Kristol seemed interested and attentive. On the other hand, when I visited Mansfield years ago, he always seemed uninterested; he seemed to regret that I had come, and he seemed eager for me to go. I told Kristol that I had published in China and Taiwan; I showed him two Chinese versions of my book, and also the English version that I self-published. He asked to borrow the English book.
I asked him if he received the e-mail I sent three weeks ago; he said no, so I gave him a paper copy (my “open letter” to Mansfield, which I published in a recent Phlit). As I talked, he seemed more interested in glancing at my writings than in listening to what I said. I said I do a lot with the Internet; he said he would visit my website. In conclusion, he said he would look at my various things, and I should return in two weeks, and we’d talk again. It was a dream come true! Exactly what I wanted to hear!
Before I left, I couldn’t resist mentioning Shakespeare. I showed him a New York Times clipping about the Shakespeare controversy. He said he vaguely remembered the article, but was unconvinced by the evidence. I said Shakespeare dovetails with Strauss (his favorite philosopher) because Shakespeare conceals his meaning, as Strauss believed all great writers do. I quoted Shakespeare’s remark that he was “tongue-tied by authority,” and said that would make a good title for a Straussian book. He agreed with enthusiasm. I said the Shakespeare subject was on my website, and he said he’d look at it. I thanked him profusely, and left.
I set out for the Boston train station, walking on clouds. I called Yafei, and said that the meeting had gone very well — better than I had hoped. Although she was pleased by my report, she cautioned that Kristol might not read as much of my stuff as he said he would. But I brushed this aside, and insisted that he would read my work.
After hanging up with Yafei, I walked through Central Square, through MIT, over the Charles River (it was dark, and I could see the lights twinkling in the skyscrapers), and then worked my way to the train station, and headed home.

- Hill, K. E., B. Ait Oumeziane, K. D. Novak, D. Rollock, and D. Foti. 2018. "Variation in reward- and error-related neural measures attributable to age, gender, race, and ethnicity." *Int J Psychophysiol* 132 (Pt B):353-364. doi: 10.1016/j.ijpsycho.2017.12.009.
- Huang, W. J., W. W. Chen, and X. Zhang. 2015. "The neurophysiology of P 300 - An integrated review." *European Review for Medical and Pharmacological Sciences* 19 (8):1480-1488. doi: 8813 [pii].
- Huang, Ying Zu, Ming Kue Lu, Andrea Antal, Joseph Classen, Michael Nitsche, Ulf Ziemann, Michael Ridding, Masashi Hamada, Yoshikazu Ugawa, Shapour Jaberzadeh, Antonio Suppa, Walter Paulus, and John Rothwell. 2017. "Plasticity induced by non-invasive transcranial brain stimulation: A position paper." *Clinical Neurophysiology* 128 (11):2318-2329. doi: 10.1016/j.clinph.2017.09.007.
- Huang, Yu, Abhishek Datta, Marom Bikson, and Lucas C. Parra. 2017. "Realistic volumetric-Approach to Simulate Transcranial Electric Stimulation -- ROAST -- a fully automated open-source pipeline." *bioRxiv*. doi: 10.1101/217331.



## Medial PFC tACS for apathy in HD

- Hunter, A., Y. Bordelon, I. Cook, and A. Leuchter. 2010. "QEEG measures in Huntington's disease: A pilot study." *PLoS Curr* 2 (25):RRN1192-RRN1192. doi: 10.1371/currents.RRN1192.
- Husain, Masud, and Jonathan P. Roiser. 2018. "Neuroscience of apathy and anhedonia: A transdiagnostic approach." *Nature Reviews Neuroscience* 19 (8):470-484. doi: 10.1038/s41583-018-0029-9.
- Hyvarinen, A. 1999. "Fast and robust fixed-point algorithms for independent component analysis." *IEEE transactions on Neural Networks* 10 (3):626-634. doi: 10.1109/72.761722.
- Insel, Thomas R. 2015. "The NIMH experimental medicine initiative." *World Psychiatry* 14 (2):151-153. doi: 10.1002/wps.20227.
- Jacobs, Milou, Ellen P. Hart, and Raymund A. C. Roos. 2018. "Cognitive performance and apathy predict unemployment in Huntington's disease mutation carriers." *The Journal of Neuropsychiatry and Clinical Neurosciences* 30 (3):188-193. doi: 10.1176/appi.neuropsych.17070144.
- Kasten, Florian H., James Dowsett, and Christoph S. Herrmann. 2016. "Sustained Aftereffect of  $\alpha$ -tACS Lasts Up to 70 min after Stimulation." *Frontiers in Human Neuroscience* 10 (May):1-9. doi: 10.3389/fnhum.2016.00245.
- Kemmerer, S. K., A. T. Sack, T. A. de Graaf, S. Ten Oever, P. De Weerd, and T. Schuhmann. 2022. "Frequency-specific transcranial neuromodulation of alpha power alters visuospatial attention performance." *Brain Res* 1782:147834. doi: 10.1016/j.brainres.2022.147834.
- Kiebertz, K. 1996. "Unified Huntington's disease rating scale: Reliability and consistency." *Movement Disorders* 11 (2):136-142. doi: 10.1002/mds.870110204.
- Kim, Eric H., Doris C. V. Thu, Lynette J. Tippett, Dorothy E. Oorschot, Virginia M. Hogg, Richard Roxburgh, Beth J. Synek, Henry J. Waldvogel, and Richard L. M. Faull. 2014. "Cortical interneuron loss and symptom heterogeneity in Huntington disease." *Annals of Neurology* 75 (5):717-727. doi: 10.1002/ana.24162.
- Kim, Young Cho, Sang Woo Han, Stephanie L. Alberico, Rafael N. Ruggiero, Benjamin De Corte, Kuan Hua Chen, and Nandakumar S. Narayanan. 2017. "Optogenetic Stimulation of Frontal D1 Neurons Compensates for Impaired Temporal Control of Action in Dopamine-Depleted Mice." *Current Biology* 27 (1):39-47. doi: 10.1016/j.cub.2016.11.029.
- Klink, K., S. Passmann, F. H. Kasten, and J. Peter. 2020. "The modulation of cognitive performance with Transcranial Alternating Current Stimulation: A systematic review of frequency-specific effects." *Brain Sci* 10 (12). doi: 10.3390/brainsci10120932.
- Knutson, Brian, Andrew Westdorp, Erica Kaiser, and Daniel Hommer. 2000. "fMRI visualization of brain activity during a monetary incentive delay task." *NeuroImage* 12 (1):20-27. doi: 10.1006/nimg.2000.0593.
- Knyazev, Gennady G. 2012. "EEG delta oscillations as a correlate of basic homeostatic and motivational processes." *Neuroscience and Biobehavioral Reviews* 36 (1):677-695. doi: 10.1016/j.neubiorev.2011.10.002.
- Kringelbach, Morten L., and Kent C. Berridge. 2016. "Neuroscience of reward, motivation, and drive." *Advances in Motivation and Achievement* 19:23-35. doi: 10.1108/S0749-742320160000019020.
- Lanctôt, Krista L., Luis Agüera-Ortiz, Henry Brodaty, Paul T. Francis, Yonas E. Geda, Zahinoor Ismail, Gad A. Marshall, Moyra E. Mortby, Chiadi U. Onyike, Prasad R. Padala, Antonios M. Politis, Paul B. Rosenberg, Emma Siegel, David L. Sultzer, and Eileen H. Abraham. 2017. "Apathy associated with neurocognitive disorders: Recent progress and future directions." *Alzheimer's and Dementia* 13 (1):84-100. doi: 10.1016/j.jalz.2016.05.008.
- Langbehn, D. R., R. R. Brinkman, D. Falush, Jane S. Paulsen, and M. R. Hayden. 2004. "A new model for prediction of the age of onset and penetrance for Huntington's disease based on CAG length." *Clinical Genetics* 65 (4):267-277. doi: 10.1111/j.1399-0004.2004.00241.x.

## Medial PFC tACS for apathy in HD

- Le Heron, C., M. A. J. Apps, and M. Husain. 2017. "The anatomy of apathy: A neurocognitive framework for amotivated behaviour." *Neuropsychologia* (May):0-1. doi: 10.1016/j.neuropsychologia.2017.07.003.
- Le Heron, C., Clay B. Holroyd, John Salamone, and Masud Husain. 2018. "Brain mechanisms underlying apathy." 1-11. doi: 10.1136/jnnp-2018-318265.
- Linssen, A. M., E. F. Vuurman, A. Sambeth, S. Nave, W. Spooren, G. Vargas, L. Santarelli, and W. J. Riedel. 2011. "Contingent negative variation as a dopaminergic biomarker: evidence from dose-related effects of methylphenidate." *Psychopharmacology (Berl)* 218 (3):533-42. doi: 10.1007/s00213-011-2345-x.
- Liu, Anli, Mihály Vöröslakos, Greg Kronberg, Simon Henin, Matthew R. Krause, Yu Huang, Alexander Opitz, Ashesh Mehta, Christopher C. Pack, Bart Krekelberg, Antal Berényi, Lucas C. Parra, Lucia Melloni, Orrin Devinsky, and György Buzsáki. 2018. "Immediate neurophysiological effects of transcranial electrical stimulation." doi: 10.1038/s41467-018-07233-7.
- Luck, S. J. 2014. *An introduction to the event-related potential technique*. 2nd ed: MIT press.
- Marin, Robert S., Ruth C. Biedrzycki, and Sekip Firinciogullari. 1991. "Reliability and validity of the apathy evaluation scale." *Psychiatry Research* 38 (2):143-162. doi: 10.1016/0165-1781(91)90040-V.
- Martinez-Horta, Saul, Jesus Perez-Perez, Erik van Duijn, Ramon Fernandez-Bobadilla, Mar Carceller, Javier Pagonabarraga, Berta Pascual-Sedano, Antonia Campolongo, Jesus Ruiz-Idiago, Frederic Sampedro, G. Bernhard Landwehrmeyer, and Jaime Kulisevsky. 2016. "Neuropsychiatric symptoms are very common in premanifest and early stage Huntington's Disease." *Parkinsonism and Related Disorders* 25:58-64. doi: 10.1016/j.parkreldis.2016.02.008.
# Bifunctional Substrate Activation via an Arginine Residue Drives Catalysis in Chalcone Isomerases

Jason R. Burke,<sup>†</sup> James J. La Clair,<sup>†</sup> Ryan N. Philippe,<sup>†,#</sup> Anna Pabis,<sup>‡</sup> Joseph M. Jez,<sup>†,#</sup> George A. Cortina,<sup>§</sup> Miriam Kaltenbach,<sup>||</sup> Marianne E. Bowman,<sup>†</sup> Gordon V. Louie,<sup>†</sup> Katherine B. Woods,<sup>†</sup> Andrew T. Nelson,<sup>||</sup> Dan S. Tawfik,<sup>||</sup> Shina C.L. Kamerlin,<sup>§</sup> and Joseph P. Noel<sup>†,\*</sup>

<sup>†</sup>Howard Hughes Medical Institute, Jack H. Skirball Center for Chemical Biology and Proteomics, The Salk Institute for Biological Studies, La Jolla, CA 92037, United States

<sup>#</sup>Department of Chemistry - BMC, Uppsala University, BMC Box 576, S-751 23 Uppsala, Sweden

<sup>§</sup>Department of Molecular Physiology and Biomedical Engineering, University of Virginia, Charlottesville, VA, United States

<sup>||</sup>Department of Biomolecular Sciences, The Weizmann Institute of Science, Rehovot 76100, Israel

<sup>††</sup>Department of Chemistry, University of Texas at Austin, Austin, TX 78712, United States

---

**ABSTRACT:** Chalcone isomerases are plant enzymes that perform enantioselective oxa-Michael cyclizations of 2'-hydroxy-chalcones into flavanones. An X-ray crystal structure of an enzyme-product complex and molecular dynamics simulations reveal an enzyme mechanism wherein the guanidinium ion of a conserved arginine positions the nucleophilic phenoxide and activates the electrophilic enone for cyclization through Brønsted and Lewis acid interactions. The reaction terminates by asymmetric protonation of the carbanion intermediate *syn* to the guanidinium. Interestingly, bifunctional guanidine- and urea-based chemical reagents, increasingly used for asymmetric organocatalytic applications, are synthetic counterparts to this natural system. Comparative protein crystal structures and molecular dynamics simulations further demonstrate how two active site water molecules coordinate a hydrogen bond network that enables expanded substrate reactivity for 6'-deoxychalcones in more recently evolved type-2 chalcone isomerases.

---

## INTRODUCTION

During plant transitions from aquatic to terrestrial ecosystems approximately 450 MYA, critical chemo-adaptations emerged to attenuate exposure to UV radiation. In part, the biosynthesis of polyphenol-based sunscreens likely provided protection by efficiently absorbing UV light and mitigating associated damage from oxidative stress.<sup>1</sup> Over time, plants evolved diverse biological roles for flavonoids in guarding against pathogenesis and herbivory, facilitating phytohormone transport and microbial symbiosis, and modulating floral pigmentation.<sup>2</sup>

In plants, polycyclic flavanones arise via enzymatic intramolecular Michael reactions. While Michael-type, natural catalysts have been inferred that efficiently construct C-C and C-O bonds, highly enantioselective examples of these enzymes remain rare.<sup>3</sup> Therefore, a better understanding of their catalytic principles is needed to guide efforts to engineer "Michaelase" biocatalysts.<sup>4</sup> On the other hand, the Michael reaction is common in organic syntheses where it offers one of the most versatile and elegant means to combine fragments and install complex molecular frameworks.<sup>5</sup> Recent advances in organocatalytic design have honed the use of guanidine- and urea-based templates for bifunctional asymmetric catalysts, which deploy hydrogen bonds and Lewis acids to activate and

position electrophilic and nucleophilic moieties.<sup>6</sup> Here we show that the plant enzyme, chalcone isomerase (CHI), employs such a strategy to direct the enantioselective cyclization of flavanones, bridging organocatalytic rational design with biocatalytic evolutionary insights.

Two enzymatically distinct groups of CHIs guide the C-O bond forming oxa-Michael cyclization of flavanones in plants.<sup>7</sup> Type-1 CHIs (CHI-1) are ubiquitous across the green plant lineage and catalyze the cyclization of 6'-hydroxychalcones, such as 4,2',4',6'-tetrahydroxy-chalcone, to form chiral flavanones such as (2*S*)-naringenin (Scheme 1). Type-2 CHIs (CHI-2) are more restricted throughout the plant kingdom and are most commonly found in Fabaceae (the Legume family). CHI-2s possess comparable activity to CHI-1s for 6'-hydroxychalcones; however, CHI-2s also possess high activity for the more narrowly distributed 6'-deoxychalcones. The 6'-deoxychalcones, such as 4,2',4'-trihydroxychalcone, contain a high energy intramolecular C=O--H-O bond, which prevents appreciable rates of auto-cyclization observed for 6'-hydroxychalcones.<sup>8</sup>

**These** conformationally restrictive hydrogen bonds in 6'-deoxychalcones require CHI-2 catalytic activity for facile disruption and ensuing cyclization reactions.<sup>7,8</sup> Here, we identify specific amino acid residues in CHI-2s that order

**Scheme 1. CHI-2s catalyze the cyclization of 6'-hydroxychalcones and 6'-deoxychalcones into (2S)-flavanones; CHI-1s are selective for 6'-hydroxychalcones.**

When I told my parents about my adventure, my mother didn’t seem to take it seriously; I was shocked by her indifference. This was my Big Break, I thought, the break for which I had waited decades. I was reminded of my mother’s attitude when I read Harding’s essay on the shadow:
After two weeks, I returned to Harvard, hoping to hear Kristol’s reactions to my writings. After listening to another foreign-policy lecture, I went to Kristol’s office, and waited for him to arrive. He said he had been traveling and hadn’t had time to read my stuff. He also wasn’t interested in chatting, and brought the conversation to a quick conclusion. However, he seemed to think that my project deserved more time than “office hours” permitted, so he made an appointment with me for December 13 at 11, and he said he’d try to read my stuff before then. So it wasn’t as successful a meeting as I had hoped, but it was far from a complete failure. The jury hadn’t yet returned a verdict.
Though I had given Kristol a copy of my book, it had been printed several years ago, and didn’t represent my latest thinking. So I xeroxed a current version for him, and planned to give it to him on December 6. When December 6 came around, however, I had an uneasy feeling, a vague reluctance to go to Harvard. But since I haven’t learned to listen to my feelings, and since I had already taken the trouble of copying my book, I went to Harvard despite my uneasy feeling. My mood was low, there was a darkness inside me. When I got on the train, the conductor who sometimes said hello to me didn’t speak to me. As I walked to Harvard, this darkness stayed with me.
At the start of Kristol’s class, he said hello, and seemed friendly. When I gave him the book/manuscript, he said he’d look at it on the plane that night (he lives in the Washington, DC area).
As I walked back to South Station, my mood sank even lower. As I was crossing Longfellow Bridge, I had a strange desire/fear of jumping into the river. (Was it Kierkegaard who said that dread is fear of something that a part of you desires?) This feeling was so strong that I thought I might have to sit down on the sidewalk, and when a jogger approached me from behind, and wanted me to move to the water side of the sidewalk, my dread of the water side prompted me to move to the other side, annoying the jogger. I don’t think I was ever in real danger of jumping, but it was a strong feeling of dread.